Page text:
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Awe J.P.,University of California at Los Angeles | Lee P.C.,University of California at Los Angeles | Ramathal C.,Stanford University | Vega-Crespo A.,University of California at Los Angeles | And 8 more authors.
Stem Cell Research and Therapy | Year: 2013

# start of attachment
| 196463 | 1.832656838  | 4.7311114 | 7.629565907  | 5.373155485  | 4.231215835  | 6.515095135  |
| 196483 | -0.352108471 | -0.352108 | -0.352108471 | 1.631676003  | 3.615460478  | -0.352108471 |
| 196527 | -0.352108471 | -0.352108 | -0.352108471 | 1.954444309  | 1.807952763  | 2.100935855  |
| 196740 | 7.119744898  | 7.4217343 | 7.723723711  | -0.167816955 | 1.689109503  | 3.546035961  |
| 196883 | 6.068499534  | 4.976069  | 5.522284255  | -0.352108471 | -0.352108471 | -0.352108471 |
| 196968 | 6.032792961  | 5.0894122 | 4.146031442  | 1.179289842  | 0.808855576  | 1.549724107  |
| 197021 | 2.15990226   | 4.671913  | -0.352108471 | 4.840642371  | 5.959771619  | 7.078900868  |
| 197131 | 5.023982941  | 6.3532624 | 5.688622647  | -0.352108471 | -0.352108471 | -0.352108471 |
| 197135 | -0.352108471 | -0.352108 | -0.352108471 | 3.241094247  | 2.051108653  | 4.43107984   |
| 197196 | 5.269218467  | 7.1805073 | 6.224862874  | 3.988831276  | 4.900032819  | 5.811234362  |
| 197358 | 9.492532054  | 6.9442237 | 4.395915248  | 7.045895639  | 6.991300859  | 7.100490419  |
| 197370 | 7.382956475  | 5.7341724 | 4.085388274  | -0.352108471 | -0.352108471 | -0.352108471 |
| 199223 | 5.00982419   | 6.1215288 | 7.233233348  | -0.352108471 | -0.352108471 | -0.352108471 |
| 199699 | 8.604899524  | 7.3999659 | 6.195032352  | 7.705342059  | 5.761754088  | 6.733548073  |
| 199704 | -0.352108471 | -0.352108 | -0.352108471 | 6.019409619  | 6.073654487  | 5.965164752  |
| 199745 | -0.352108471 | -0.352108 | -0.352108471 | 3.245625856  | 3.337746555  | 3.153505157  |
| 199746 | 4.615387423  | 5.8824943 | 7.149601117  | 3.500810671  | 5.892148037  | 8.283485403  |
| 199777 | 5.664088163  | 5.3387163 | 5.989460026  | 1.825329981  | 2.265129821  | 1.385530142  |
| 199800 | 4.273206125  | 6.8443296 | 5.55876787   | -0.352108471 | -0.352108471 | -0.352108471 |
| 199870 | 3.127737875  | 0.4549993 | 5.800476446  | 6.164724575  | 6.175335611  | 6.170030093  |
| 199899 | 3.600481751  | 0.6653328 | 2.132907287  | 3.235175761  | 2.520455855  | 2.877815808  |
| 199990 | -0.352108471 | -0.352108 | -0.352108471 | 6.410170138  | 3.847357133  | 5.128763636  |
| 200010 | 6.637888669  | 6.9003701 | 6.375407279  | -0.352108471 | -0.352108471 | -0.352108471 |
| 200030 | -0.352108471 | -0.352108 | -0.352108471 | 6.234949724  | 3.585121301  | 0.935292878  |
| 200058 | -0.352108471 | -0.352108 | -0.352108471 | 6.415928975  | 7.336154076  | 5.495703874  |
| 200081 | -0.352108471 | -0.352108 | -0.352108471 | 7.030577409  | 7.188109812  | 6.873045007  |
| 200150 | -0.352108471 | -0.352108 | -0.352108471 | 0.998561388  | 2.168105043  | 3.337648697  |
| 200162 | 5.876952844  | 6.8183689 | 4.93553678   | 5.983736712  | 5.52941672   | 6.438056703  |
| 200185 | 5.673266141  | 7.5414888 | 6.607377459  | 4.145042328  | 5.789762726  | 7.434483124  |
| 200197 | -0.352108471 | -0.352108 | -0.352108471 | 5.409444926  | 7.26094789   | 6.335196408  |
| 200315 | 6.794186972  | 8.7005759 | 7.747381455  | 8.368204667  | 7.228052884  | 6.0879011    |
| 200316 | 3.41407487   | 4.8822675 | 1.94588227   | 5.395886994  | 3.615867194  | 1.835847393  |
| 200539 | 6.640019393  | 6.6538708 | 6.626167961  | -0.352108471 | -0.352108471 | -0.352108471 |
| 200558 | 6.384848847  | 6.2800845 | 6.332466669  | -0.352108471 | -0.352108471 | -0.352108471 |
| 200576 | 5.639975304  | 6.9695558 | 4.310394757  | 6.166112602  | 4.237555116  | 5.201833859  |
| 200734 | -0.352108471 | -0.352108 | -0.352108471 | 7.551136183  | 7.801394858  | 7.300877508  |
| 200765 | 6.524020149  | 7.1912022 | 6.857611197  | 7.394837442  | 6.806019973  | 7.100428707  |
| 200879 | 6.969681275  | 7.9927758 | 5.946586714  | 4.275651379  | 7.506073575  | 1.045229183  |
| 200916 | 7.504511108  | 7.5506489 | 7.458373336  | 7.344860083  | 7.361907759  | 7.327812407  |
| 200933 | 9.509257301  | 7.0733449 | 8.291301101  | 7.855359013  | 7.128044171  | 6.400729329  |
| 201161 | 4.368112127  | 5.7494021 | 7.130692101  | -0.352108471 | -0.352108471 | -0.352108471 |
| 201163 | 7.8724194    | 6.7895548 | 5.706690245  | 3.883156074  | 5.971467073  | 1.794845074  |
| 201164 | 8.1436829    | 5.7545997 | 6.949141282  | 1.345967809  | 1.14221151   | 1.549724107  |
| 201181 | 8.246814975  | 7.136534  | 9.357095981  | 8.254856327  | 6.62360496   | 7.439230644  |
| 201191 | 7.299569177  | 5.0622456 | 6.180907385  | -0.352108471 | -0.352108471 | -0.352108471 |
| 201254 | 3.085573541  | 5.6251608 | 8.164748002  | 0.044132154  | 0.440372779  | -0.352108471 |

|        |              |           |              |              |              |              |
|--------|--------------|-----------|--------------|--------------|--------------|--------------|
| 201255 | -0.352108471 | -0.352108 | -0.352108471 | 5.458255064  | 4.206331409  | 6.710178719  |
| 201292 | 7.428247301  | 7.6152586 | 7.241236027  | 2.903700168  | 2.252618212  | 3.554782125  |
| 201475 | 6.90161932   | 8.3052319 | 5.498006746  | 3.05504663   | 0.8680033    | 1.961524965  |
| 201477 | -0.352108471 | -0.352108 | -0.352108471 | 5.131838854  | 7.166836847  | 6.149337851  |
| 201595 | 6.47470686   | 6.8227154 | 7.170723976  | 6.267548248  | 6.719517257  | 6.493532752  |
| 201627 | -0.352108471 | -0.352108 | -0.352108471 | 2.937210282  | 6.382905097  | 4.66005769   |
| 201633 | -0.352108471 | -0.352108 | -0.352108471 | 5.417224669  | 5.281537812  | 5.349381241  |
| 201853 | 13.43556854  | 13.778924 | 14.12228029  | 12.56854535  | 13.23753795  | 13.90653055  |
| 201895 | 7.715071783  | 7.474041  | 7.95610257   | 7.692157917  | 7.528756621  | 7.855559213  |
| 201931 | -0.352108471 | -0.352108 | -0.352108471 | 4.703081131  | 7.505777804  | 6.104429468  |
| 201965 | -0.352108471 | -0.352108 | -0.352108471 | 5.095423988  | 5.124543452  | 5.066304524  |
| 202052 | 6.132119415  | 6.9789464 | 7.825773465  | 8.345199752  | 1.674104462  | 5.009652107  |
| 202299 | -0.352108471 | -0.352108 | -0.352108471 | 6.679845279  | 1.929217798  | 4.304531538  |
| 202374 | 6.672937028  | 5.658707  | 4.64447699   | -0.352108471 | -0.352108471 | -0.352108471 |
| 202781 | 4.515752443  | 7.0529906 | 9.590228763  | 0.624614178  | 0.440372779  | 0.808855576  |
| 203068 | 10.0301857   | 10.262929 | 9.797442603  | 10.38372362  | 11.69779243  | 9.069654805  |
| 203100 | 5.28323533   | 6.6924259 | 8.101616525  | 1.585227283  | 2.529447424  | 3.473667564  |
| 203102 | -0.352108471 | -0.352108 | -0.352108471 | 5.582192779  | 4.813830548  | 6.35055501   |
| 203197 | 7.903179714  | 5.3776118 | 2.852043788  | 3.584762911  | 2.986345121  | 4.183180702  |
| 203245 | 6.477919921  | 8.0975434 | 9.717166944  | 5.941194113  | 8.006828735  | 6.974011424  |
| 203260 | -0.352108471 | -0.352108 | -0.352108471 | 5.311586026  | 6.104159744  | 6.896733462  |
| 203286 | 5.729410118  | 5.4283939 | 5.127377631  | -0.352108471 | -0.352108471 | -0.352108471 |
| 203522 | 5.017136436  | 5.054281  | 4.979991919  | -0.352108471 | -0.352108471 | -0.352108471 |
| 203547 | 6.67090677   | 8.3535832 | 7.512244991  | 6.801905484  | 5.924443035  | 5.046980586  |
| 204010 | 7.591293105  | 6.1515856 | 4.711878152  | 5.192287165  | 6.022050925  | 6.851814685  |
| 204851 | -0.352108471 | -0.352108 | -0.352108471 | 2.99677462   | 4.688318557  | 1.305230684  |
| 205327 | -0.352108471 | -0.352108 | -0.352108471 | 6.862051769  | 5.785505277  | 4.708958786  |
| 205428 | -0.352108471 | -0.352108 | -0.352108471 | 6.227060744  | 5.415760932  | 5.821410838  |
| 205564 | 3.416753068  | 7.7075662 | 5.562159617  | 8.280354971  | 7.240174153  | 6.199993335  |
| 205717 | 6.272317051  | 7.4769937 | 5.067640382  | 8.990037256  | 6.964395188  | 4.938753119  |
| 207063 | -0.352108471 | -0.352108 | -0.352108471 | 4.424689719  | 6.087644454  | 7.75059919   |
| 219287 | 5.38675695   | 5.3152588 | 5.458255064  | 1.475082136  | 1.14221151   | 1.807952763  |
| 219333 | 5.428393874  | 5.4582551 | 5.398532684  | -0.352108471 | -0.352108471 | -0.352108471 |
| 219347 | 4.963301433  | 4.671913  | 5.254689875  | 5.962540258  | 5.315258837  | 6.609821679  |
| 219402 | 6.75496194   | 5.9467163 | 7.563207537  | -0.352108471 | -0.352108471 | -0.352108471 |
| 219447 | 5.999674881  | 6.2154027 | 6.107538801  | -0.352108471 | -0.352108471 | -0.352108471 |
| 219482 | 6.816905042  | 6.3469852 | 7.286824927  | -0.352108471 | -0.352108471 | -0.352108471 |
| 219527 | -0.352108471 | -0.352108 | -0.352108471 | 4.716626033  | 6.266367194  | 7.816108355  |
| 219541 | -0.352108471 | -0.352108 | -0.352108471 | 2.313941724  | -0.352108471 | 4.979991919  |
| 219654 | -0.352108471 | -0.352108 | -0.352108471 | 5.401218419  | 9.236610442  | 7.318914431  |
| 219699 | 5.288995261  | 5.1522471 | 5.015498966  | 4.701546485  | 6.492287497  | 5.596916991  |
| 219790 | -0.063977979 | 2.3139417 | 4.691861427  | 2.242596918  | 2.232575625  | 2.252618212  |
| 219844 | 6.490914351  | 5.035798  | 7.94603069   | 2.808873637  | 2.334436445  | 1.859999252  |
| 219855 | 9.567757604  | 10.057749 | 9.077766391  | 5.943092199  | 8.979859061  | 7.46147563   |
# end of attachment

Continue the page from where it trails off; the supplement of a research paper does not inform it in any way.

Introduction. The reprogramming of a patient's somatic cells back into induced pluripotent stem cells (iPSCs) holds significant promise for future autologous cellular therapeutics. The continued presence of potentially oncogenic transgenic elements following reprogramming, however, represents a safety concern that should be addressed prior to clinical applications. The polycistronic stem cell cassette (STEMCCA), an excisable lentiviral reprogramming vector, provides, in our hands, the most consistent reprogramming approach that addresses this safety concern. Nevertheless, most viral integrations occur in genes, and exactly how the integration, epigenetic reprogramming, and excision of the STEMCCA reprogramming vector influences those genes and whether these cells still have clinical potential are not yet known. Methods. In this study, we used both microarray and sensitive real-time PCR to investigate gene expression changes following both intron-based reprogramming and excision of the STEMCCA cassette during the generation of human iPSCs from adult human dermal fibroblasts. Integration site analysis was conducted using nonrestrictive linear amplification PCR. Transgene-free iPSCs were fully characterized via immunocytochemistry, karyotyping and teratoma formation, and current protocols were implemented for guided differentiation. We also utilized current good manufacturing practice guidelines and manufacturing facilities for conversion of our iPSCs into putative clinical grade conditions. Results: We found that a STEMCCA-derived iPSC line that contains a single integration, found to be located in an intronic location in an actively transcribed gene, PRPF39, displays significantly increased expression when compared with post-excised stem cells. STEMCCA excision via Cre recombinase returned basal expression levels of PRPF39. These cells were also shown to have proper splicing patterns and PRPF39 gene sequences. We also fully characterized the post-excision iPSCs, differentiated them into multiple clinically relevant cell types (including oligodendrocytes, hepatocytes, and cardiomyocytes), and converted them to putative clinical-grade conditions using the same approach previously approved by the US Food and Drug Administration for the conversion of human embryonic stem cells from research-grade to clinical-grade status. Conclusion: For the first time, these studies provide a proof-of-principle for the generation of fully characterized transgene-free human iPSCs and, in light of the limited availability of current good manufacturing practice cellular manufacturing facilities, highlight an attractive potential mechanism for converting research-grade cell lines into putatively clinical-grade biologics for personalized cellular therapeutics. © 2013 Awe et al.; licensee BioMed Central Ltd.